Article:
Meningitis: know the different types and treatments
Like any organ in the human body, the nervous system can be a source of virus or bacterial infections. Usually, these infectious agents invade our brain by "entrance doors" like nose, eyes, ear and mouth and lodge in the meninges, a membrane that surrounds the brain. Hence the term meningitis.
Viral meningitis usually does not present the same risk as bacterial meningitis. The patient with virus meningitis actually has a viral infection like any other that our own body can fight against. What we do is alleviate the symptoms such as headache, nausea and vomiting.
Bacterial meningitis, in turn, confers much more risk than viral, since if untreated leads to sequelae such as deafness, cognitive impairment, paralyzes of cranial nerves or motor paralysis. It can also lead to death, because the bacteria end up in the blood and lead to what we call a systemic infection.
Fortunately, today we have very efficient antibiotics, just that the suspicion of meningitis is done as soon as possible , especially bacterial meningitis. In addition to antibiotics, when we treat the problem after it has happened, we also have the vaccines, which help the patient to to prevent bacterial meningitis.
There are vaccines for the three most common types of bacteria that cause meningitis:
Streptococcus pneumonia (10 serotypes), Neisseria meningitidis C) and Haemophilus influenzae (type B). These vaccines should be used for children younger than two years of age. Although vaccines may protect against most bacterial meningitis, serotypes of uncovered bacteria may exist. All these vaccines are based on "particles" of these bacteria that cause the body to create antibodies (defense) for a future infection. Therefore, it is important to be aware of the vaccination schedule, especially in children and people at greater risk, such as the elderly.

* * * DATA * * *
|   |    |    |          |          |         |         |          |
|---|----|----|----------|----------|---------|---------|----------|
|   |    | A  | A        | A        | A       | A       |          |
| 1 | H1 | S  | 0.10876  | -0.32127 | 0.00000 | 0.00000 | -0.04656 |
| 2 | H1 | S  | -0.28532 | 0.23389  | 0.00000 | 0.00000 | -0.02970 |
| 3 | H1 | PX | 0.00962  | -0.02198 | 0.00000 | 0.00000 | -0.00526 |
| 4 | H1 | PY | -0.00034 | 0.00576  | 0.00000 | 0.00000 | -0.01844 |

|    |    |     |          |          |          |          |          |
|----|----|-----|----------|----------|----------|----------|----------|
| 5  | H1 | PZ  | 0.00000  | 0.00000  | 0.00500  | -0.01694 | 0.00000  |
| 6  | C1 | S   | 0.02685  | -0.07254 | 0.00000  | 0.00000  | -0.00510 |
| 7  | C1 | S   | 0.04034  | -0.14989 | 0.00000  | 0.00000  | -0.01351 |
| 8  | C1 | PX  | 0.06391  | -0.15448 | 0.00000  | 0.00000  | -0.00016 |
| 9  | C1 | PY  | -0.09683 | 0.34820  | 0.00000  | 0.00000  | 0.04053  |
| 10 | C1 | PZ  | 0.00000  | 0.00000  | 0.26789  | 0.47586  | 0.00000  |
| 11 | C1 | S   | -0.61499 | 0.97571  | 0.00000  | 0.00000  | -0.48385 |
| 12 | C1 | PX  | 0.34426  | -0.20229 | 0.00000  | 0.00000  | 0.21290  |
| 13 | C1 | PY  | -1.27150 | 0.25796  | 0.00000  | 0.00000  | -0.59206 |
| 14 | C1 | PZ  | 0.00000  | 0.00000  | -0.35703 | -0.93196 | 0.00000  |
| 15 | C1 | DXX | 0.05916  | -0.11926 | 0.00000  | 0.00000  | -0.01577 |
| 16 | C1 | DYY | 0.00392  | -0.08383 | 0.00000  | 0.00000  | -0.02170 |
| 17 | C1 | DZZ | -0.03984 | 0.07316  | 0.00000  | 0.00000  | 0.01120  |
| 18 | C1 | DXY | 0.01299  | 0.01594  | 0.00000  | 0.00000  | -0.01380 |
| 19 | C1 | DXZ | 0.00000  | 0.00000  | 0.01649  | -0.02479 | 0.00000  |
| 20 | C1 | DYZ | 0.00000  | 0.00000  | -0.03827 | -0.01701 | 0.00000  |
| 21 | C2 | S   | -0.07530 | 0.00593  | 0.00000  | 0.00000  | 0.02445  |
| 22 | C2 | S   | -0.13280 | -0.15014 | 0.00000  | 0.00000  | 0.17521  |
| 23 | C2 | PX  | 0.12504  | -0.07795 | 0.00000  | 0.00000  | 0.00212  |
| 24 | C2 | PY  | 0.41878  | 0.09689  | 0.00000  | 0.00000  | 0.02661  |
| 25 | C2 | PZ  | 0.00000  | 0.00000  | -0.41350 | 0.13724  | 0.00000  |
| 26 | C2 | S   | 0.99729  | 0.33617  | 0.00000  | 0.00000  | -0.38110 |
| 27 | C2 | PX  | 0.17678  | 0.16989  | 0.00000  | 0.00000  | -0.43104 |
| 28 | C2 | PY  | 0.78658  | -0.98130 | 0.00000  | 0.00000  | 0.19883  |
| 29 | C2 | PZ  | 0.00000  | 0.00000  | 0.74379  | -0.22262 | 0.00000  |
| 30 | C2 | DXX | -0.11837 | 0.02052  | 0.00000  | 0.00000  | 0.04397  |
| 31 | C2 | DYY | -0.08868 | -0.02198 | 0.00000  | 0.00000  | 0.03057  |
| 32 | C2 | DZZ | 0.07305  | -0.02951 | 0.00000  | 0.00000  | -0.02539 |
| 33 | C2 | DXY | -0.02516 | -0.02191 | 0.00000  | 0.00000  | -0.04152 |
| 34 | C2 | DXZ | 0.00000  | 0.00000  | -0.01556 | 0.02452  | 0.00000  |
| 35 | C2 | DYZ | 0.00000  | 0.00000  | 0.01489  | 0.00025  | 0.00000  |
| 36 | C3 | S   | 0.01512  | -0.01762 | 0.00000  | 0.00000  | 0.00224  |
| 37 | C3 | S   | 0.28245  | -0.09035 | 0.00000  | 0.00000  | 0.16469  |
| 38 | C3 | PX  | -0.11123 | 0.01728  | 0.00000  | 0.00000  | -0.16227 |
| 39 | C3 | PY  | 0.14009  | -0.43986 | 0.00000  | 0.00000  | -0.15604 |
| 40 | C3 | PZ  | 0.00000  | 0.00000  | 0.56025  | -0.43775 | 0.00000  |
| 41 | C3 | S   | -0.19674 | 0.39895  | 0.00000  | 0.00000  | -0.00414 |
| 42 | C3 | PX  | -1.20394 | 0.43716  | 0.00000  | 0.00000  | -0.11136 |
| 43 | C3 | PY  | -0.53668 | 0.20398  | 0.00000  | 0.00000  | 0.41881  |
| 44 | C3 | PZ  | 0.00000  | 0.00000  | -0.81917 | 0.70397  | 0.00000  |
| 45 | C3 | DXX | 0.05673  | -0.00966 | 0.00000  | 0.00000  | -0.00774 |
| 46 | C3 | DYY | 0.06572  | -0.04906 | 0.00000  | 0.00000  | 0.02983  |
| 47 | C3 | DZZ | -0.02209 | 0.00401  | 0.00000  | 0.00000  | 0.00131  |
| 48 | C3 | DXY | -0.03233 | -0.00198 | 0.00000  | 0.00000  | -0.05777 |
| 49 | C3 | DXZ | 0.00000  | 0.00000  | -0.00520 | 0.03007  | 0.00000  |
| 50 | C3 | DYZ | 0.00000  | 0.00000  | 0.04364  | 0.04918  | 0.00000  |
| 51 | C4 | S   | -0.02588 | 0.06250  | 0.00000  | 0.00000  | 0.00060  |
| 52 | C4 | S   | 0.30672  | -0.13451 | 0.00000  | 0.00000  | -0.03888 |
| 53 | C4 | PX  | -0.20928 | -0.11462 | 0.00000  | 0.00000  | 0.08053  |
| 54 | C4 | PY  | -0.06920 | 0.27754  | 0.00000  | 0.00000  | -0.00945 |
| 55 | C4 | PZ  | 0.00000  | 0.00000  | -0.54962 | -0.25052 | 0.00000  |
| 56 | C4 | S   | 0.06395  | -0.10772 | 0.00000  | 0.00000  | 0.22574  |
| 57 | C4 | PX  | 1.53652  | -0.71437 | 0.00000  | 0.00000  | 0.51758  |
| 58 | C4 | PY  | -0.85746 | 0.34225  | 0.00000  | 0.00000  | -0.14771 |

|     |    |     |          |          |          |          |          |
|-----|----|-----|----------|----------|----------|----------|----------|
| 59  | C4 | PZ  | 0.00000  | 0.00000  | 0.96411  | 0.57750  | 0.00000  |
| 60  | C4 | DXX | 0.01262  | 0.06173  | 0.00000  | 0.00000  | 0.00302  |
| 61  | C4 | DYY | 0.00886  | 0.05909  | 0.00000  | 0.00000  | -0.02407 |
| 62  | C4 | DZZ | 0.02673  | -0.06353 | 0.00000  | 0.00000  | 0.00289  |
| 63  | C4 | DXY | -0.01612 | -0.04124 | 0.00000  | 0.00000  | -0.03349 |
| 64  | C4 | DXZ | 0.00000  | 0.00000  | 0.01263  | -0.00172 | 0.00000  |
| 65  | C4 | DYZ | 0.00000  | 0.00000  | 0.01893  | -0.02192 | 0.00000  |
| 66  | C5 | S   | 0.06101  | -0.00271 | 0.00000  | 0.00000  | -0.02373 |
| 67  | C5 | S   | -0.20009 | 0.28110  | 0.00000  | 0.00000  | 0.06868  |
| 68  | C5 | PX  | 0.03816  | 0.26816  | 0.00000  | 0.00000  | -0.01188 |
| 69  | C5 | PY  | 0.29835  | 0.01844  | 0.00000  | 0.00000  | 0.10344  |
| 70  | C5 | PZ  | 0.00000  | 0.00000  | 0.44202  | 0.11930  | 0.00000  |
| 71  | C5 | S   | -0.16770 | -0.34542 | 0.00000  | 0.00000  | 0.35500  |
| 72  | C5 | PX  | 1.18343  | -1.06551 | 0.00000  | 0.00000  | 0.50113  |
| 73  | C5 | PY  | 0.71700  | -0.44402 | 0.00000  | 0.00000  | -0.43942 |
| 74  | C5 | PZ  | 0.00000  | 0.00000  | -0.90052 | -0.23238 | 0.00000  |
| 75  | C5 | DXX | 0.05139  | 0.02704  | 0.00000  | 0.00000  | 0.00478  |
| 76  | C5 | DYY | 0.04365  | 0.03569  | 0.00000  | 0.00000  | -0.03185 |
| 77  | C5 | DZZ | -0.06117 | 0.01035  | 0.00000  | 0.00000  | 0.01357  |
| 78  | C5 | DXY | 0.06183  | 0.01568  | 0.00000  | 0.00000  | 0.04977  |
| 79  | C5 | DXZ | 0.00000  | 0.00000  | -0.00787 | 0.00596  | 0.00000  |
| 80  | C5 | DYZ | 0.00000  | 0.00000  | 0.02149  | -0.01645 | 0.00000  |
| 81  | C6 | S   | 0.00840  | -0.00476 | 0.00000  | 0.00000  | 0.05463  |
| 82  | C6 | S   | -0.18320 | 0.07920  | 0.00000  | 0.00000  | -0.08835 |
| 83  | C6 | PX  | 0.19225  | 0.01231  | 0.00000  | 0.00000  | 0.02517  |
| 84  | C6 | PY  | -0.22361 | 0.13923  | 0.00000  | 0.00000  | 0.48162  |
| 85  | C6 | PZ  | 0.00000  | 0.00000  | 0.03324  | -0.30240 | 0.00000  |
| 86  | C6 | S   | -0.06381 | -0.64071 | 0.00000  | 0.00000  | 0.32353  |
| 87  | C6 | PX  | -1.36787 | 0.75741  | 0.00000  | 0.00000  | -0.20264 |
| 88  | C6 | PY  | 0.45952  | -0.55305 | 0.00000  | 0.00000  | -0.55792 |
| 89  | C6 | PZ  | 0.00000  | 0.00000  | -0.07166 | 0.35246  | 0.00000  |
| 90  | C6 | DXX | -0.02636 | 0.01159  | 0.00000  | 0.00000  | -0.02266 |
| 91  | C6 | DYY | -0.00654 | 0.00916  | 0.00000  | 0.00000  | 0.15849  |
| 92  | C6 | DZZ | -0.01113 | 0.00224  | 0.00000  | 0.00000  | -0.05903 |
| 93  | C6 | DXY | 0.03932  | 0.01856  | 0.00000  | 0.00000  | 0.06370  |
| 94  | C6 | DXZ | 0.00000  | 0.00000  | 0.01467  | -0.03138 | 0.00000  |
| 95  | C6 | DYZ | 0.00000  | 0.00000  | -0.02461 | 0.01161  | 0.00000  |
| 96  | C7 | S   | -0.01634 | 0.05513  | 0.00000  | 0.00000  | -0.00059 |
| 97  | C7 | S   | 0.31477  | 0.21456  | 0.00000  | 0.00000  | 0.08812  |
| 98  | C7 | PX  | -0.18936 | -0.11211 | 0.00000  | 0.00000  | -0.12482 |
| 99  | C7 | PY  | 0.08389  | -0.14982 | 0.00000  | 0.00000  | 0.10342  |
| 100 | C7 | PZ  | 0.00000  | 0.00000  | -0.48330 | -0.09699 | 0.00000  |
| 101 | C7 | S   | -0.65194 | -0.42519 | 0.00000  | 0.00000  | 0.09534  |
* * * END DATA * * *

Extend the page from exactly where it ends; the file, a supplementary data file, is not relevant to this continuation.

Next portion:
Furthermore, it is very important to rapidly diagnose suspected cases of meningitis and to isolate these people from the others to avoid contamination. If you suspect the condition, seek medical advice as soon as possible.
Prostate cancer is the most prevalent among male Brazilians, being the second most common cancer in the population, second only to non-melanoma skin cancer. There are 60,000 new cases estimated annually, according to the National Cancer Institute (Inca). In this scenario, it is extremely important to perform the exams and follow up with the doctor, especially those who are in a group at risk for the disease.
Experts from the Medical School of Ribeirão Preto at the University of São Paulo (FMRP - USP) warn of the possibility of Brazil manifesting another outbreak caused by arboviruses, diseases caused by mosquitoes. According to Professor Luiz Tadeu Moraes Figueiredo of the Medical School of Ribeirão Preto, University of São Paulo, the oropouche virus causes acute fever and, eventually, meningitis and inflammation.